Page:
Samuel von Fischer

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Samuel von Fischer
Gravesite in Weißensee Cemetery

Samuel Fischer, later Samuel von Fischer (24 December 1859 – 15 October 1934), was a Hungarian-born German publisher, the founder of S. Fischer Verlag.


Fischer was born in Liptau-Sankt-Nikolaus/Liptószentmiklós (now Liptovský Mikuláš), northern Hungary. After training as a bookseller in Vienna; Fisher moved to Berlin where he joined the bookseller and publisher Hugo Steinitz. Fischer took on increasing responsibility for new publishing endeavours and launched his own firm in 1886, the S. Fischer Verlag.

The Fischer publishing house first became known by introducing the works of Ibsen to German stages and by supporting the naturalist circle in Berlin. Samuel Fischer founded the theatre society Freie Bühne with Otto Brahm to avoid censorship.

Art collector[edit]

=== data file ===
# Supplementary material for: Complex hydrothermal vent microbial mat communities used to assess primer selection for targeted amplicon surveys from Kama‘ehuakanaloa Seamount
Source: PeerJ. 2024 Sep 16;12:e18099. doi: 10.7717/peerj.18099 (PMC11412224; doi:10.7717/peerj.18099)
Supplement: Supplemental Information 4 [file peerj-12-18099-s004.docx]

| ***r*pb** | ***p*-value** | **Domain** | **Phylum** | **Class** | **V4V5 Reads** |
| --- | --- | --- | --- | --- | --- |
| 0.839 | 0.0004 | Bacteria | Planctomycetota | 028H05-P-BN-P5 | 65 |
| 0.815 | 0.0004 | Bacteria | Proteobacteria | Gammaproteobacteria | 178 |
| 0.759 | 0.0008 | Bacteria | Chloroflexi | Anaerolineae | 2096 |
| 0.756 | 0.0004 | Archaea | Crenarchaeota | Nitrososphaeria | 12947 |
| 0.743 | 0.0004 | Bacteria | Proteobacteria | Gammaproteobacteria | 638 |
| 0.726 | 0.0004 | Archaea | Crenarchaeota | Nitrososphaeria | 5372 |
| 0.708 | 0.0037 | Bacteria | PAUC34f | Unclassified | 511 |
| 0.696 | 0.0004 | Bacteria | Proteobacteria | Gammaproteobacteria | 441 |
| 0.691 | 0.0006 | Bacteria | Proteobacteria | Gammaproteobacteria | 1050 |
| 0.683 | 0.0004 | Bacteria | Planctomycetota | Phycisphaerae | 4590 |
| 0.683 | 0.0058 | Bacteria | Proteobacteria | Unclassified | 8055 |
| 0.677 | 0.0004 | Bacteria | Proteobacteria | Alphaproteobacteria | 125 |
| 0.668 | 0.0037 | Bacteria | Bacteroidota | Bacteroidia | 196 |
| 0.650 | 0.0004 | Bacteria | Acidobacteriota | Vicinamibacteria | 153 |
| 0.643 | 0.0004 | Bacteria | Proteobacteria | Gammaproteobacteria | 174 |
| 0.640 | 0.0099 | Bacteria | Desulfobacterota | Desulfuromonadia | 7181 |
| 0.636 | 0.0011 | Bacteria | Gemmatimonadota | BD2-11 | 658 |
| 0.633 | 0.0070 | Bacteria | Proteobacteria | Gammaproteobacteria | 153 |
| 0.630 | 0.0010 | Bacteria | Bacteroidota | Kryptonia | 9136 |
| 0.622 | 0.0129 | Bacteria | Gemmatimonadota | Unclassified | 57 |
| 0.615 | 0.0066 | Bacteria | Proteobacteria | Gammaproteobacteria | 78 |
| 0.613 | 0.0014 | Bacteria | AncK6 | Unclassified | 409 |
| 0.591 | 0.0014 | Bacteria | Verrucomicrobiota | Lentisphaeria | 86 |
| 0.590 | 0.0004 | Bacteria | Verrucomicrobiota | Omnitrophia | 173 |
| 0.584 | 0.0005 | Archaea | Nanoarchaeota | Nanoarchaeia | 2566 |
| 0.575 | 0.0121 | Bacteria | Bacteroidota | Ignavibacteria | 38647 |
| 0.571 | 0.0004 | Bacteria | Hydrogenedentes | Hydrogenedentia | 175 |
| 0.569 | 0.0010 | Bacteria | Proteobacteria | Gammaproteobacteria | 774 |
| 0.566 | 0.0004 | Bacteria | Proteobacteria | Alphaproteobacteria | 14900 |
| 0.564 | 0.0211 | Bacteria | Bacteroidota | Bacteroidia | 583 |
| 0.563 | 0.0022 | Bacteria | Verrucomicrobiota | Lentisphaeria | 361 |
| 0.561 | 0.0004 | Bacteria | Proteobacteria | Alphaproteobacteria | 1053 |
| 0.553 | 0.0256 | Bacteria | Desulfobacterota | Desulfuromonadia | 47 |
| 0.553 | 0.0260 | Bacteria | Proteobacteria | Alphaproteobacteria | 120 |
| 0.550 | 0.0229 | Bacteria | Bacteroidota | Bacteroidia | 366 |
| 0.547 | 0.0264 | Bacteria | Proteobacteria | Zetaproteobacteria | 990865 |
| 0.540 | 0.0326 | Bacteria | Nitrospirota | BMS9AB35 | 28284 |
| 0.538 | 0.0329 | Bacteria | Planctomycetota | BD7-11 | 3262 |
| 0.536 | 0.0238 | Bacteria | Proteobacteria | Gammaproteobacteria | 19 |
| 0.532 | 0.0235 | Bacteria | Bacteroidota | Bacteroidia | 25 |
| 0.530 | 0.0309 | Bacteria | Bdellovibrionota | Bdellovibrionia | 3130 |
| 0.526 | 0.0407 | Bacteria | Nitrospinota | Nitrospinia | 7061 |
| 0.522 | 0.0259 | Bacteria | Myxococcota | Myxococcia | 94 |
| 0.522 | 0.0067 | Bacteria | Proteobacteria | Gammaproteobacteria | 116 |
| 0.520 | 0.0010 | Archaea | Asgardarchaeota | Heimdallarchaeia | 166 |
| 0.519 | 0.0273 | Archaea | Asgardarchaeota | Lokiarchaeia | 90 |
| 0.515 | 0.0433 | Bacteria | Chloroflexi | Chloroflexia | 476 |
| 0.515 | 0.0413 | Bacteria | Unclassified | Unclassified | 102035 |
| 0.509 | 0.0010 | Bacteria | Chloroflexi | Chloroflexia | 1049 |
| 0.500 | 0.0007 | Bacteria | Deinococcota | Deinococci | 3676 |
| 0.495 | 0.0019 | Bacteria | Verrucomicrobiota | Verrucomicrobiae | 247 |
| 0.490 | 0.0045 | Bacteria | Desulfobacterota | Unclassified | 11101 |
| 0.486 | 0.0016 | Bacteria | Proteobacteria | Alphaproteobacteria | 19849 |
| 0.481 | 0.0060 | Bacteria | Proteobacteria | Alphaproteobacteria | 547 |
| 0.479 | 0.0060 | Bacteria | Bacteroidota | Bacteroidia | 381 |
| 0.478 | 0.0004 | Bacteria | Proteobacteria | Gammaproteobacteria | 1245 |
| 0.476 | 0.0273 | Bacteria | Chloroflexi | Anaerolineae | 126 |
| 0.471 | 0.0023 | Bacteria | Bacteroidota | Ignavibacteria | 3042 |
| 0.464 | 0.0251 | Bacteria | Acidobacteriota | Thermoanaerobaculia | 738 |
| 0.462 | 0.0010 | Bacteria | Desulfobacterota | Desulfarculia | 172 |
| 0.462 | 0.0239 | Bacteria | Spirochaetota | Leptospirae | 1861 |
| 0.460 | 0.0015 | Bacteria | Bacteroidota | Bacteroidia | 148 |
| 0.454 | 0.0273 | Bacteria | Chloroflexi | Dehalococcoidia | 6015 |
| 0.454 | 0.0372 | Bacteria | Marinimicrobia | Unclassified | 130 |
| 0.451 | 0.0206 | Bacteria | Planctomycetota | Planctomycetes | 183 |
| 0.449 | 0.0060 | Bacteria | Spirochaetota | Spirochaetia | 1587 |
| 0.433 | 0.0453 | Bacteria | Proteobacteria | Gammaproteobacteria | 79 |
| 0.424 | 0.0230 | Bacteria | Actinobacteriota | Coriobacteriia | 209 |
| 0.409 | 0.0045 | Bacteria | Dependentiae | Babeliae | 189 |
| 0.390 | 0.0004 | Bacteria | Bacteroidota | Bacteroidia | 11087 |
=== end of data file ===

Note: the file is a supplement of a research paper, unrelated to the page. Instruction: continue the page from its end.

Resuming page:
Fischer collected artworks, including Pissarro's La Quai Malaquai, Printemps,[1] Cézanne's Still Life with Commode,[2] Max Liebermann's Two Riders on the Beach to the left [3] and El Greco's "Veil of Veronica".

Nazi persecution[edit]

When the Nazis came to power in Germany in 1933, Fischer and his family were persecuted because of their Jewish heritage. The S. Fischer Verlag was "Aryanized", that is, transferred to non-Jews.[4]

Fischer died in Berlin, Germany in 1934. He was survived by his wife Hedwig, and his children. His granddaughter was the actress Gisela Fischer. Restitution claims for property seized by the Nazis or lost through forced or duress sales were filed by his heirs.[5]

See also[edit]



  1. ^ "Nazi Art Theft: Pissarro's "Le Quai Malaquais, Printemps"". Retrieved 2023-10-25. The tale of the recovered Pissarro begins with Samuel Fischer, a prolific art collector and founder of the renowned German publishing house S. Fischer Verlag – which counted Thomas Mann and Herman Hesse among its most famous authors – who purchased the painting in 1907.
  2. ^ Harvard. "Still Life with Commode | Harvard Art Museums". Retrieved 2023-10-25.
  3. ^ ONLINE, RP (2015-07-02). "Düsseldorf: Zweite Version der Reiter am Strand". RP ONLINE (in German). Retrieved 2023-10-25.
  4. ^ "Glücksstunde oder nationalsozialistisches Kalkül? : Die "Arisierung" des S. Fischer Verlages 1935-1937 | Article RAMBI990002258300705171 | The National Library of Israel". Retrieved 2023-10-25.
  5. ^ "Pissarro Lost and Found". Retrieved 2023-10-25.

External links[edit]